[Date Prev][Date Next][Thread Prev][Thread Next][Date Index][Thread Index]

Re: Future of the "subscription model?"

Fred is quite right that the bigger publishers so dominate the 
library market that smaller publishers are always being squeezed. 
I have lost count of the times librarians have said to me they 
would love to buy a journal of ours but because so much of their 
funds are going to a certain publisher, there simply isn't 
anything left over. Libraries need to grasp that the more Big 
Publishing dominates the market, the more demanding it will 
become, and for that reason it is in the interests of libraries 
to do what they can to support smaller publishers, to encourage 
diversity in the supplier base. Moreover, smaller publishers, 
having to be nimble to survive in lop-sided markets, are the 
people who are more likely to come up with innovative titles, to 
quickly latch on to developments in technology which merit the 
starting of a new journal: another good reason for libraries to 
give their support.

I would wholly agree with Fred's remark that smaller subscription 
publishers offer titles of high academic value and are not 
getting their fair share of the cake, but I would disagree with 
his inclusion of OA publishers. My prediction is that OA is a 
train wreck waiting to happen, that the scholarly communications 
landscape in 25 years time will be littered with broken links, 
journals that lasted only a couple of years before the amateur 
publishers got fed up with an unrelenting and unrewarding 
exercise: unretrievable research. Will our successors thank us 
for that? Is that any answer to the problem Big Publishing has 
created for both libraries and small publishers?

Bill Hughes
Multi-Science Publishing

----- Original Message -----
From: "FrederickFriend" <ucylfjf@ucl.ac.uk>
To: <liblicense-l@lists.yale.edu>
Sent: Thursday, November 10, 2011 1:16 AM
Subject: Re: Future of the "subscription model?"

> Joe,
> Yes, there are thousands of publishers but we know that control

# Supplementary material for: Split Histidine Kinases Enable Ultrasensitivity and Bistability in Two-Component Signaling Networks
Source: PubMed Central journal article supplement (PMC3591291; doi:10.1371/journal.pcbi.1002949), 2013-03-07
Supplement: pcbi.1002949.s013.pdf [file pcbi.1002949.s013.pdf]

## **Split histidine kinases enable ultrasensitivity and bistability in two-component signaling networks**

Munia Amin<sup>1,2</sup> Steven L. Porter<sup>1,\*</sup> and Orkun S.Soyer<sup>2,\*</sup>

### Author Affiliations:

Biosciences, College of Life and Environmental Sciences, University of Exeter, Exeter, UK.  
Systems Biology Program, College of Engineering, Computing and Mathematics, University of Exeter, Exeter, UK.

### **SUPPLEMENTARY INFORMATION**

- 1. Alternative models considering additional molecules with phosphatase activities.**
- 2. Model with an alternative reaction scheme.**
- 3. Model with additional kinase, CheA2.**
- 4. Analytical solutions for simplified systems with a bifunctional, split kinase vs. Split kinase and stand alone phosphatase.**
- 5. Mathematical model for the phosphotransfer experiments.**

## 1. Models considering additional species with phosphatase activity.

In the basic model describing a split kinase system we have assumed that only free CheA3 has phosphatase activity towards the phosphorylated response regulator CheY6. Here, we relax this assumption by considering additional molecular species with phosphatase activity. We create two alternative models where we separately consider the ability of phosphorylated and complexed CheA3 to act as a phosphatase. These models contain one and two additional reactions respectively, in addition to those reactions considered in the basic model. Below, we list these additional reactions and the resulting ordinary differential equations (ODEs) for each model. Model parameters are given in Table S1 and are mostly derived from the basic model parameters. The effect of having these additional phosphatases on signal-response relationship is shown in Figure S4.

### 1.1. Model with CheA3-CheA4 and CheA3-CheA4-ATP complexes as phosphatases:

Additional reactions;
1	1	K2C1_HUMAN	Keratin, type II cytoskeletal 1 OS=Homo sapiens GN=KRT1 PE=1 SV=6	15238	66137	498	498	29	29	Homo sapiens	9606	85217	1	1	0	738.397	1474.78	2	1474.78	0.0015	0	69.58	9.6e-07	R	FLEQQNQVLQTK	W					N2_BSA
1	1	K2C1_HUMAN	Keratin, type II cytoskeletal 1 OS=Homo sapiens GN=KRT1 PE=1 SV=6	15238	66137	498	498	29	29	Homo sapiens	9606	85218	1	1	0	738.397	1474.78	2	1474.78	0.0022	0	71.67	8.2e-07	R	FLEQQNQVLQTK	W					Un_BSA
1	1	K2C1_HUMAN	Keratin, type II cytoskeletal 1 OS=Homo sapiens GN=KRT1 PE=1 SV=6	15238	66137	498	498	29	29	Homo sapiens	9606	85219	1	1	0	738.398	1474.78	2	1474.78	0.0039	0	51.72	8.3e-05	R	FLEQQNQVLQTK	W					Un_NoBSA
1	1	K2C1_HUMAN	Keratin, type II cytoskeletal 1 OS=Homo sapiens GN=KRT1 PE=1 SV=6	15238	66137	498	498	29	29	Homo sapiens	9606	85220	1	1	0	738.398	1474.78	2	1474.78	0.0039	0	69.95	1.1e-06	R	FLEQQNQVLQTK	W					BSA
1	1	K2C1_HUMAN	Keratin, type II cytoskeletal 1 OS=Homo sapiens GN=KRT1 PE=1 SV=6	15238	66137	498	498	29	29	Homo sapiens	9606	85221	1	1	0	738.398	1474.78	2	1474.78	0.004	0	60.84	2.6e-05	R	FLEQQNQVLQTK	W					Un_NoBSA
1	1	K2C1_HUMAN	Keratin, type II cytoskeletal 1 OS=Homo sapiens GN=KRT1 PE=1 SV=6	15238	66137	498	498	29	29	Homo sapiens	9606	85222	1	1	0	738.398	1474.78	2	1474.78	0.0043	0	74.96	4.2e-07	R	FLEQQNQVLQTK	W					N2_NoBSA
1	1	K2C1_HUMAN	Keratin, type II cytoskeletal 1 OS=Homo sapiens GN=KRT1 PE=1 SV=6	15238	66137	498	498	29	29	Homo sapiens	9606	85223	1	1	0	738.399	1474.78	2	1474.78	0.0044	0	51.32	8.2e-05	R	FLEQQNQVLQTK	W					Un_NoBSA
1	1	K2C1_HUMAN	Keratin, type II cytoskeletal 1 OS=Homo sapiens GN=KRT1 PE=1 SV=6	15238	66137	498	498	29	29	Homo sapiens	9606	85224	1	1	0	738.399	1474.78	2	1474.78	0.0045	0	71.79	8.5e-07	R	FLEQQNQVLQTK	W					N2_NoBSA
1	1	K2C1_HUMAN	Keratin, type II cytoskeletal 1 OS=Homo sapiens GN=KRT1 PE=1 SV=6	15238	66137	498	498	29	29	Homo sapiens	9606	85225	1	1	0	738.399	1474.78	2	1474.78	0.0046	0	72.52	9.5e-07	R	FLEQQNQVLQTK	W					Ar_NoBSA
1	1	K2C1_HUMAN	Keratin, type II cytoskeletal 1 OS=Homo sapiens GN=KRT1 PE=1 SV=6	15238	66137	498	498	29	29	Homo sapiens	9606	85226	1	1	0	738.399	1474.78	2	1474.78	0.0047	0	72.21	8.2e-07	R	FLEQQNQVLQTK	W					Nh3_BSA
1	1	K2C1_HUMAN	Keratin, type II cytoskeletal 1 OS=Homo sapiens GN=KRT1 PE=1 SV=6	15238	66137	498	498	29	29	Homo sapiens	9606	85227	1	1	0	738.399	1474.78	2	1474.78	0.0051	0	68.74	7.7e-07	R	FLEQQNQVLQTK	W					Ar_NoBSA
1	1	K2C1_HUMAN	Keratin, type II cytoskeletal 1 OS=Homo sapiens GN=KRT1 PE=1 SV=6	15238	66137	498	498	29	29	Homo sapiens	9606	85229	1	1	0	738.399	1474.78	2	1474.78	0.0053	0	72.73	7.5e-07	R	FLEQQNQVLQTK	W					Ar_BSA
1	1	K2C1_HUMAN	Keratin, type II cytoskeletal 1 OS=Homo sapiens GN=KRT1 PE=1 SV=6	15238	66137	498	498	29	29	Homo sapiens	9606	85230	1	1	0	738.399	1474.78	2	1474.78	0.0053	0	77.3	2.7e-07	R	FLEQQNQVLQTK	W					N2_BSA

> over the titles perceived to be "must-have" titles is
> concentrated in the hands of a very small number of extremely
> powerful publishers. A very high percentage of library
> expenditure goes to those publishers, making normal market
> competition ineffective. The tragedy is that the situation is
> getting worse, as libraries are renewing the big deals with those
> very powerful publishers for three or five-year periods instead
> of diverting funds to other subscription publishers or to OA
> publishers. Small subscription publishers and OA publishers offer
> titles of high academic value but they are not getting a fair
> share of the cake. Some subscription publishers are offering
> deals with zero percentage price rises, but because of the heavy
> commitment libraries make to the high-cost publishers, those good
> deals may not be taken up and the reasonable publishers will
> continue to lose out. As you point out "it's no skin off the nose
> of the publisher whose materials you continue to purchase". This
> is why for the sake of smaller publishers as well as for many
> other reasons, many of us see OA as the only solution likely to
> introduce any real competition into research publication. I
> believe in the market, but the market is just not working as it
> should.
> Fred Friend
> -----Original Message-----
> From: Joseph Esposito
> Sent: Tuesday, November 08, 2011 11:52 PM
> To: liblicense-l@lists.yale.edu
> Subject: Re: Future of the "subscription model?"
> Rick,
> I agree and disagree.  You are absolutely correct that libraries
> cannot continue to put up with price increases.  (I note that you
> call them "extortionate.")  No argument with this at all.  But
> you are talking as though publishers were a single entity.  They
> are not. There are thousands of them (and the numbers keep
> growing). Furthermore, they do not compete with libraries.  They
> compete with each other.
> It is true that if all publishers raised their prices, libraries
> could not pay the freight.  But an individual publisher can raise
> a price and get away with it, provided that that publisher has
> materials that are central to a library's collection.  To fund
> that purchase, a library will cancel another publisher's journal
> (we agree on that). But it's no skin off the nose of the
> publisher whose materials you continue to purchase.  Heck, it's a
> win for that publisher because the publisher who lost out may
> exit the market.
> I am not defending or attacking this situation.  I am simply
> trying to explain it.  I have written about this before at the
> Scholarly Kitchen:  http://j.mp/eEwmzo.  The cries of librarians
> are unheeded because they don't affect the economics of the
> winning publisher.
> Of course, for a publisher to be a winner, whether with or
> without high prices, it takes an absolutely outstanding editorial
> program.
> This also raises the question of what libraries can do that would
> be effective, but it is clear in any event that complaining about
> the situation does not work, however warranted those complaints
> might be.
> Joe Esposito